Other issues raised in high profile U.S. Supreme Court voting cases include denials of voting rights, limited purpose elections (e.g., exclusion of certain voters from water storage district votes), disenfranchisement of felons, voting requirements (e.g., registration deadlines, party membership and the right to vote), race-based and ancestral disenfranchisement, and “one person one vote” (which deals with voting district boundaries). Whenever the right to vote is in some way limited or lost, there is a potential constitutional violation.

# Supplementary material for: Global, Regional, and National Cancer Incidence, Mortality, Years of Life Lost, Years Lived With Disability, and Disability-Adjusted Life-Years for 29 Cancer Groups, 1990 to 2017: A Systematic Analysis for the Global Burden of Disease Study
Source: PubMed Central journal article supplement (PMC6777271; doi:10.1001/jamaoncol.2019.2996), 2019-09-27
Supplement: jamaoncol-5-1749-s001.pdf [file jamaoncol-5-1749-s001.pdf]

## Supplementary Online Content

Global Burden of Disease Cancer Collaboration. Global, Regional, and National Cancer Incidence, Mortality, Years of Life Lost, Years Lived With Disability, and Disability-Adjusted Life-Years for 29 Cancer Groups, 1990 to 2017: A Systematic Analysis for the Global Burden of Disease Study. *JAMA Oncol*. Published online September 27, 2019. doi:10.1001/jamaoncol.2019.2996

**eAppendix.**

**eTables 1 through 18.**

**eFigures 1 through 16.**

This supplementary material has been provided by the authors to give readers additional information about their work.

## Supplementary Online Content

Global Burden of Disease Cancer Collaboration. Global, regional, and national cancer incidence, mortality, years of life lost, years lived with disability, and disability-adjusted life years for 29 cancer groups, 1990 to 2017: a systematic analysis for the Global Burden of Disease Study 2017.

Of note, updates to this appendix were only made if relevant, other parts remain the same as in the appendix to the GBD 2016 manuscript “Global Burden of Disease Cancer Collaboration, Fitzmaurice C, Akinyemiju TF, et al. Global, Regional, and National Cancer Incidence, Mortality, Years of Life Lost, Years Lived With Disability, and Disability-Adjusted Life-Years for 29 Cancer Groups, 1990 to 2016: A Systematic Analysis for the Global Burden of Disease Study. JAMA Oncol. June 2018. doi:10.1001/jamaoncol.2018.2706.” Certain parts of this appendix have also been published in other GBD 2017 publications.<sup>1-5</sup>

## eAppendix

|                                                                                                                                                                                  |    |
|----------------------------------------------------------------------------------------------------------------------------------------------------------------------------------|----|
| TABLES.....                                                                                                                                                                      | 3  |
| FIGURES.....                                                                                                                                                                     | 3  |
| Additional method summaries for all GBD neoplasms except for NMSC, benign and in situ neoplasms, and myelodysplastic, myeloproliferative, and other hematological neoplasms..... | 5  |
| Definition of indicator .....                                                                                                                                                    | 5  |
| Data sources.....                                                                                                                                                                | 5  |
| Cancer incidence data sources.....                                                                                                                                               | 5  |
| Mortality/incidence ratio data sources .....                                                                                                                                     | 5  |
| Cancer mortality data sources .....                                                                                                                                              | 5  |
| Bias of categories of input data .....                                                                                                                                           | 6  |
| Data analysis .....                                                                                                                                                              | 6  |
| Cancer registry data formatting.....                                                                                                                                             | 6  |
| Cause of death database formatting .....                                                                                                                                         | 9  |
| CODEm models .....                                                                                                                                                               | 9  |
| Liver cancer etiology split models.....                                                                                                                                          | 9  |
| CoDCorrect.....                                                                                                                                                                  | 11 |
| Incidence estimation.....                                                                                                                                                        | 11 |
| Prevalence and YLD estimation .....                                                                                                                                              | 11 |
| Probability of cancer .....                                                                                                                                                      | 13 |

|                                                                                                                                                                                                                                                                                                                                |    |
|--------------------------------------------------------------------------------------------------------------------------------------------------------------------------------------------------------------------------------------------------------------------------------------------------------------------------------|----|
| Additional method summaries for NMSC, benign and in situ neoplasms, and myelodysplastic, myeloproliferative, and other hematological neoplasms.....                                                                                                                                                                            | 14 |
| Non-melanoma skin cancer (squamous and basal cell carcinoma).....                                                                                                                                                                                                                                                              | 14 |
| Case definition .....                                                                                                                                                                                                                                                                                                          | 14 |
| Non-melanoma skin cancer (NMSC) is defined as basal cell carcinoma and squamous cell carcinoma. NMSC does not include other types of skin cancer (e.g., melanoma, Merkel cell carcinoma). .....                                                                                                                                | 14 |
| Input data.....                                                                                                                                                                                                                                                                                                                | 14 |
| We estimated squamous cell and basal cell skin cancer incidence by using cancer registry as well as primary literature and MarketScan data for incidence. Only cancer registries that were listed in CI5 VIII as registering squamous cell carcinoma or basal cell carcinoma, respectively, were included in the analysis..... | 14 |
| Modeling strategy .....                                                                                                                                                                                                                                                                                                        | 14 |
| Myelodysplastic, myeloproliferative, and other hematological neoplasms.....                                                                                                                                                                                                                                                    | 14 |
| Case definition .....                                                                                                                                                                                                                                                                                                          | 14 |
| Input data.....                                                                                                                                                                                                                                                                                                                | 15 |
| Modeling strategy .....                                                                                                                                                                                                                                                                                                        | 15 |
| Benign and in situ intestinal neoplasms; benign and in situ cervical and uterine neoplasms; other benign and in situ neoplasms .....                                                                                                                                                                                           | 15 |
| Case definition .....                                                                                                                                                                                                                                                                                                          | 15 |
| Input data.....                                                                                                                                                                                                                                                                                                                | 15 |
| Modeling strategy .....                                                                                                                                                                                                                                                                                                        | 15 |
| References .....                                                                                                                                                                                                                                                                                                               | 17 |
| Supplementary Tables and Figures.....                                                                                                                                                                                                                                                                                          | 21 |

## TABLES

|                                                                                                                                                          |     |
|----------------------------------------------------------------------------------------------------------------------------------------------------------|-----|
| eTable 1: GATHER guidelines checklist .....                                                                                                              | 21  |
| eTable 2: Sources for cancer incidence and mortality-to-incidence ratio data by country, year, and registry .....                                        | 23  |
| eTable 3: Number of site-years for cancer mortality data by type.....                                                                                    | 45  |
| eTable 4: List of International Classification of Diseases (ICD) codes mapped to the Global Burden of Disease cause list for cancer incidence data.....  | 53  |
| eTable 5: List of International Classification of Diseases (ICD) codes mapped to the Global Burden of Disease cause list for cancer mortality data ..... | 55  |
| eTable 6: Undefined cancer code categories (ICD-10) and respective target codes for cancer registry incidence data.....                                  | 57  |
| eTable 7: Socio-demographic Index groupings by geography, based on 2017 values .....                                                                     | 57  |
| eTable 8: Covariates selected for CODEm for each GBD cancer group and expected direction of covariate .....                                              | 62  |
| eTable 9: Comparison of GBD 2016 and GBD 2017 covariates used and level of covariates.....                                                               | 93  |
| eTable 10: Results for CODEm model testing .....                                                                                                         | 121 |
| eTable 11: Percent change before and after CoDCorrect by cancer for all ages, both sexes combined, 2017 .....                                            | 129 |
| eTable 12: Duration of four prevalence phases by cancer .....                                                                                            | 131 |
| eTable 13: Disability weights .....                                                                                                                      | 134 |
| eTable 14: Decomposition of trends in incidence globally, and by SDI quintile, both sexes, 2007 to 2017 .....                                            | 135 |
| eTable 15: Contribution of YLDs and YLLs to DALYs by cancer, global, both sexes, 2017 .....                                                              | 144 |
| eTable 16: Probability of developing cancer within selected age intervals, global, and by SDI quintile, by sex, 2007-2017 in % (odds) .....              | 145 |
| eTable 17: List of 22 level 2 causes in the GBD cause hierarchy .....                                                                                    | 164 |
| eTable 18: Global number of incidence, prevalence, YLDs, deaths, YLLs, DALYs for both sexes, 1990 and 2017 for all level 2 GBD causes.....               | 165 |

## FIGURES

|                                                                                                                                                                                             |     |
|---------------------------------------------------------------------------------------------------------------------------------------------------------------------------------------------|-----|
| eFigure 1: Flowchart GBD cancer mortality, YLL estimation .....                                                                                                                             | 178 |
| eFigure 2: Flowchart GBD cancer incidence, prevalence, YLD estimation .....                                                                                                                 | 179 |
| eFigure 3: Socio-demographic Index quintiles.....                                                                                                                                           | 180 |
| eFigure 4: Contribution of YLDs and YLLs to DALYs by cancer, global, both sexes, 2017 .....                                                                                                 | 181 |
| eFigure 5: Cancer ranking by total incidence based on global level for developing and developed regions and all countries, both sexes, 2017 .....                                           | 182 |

The right to vote enjoyed by U.S. citizens is special to constitutional democracies such as our own. The U.S. Constitution zealously protects the right of Americans to vote on how government ought to be run. More importantly, men and women die to ensure that our government and our courts are able to facilitate free and fair elections. Make sure you exercise this precious right to participate in our democracy and determine your future.
Brad Champion is an associate in the Charlotte office of Knox Law Center. The firm’s website iswww.knoxlawcenter.com. He can be reached at 704-315-2363 or 866-704-9059 (Toll free) or[email protected].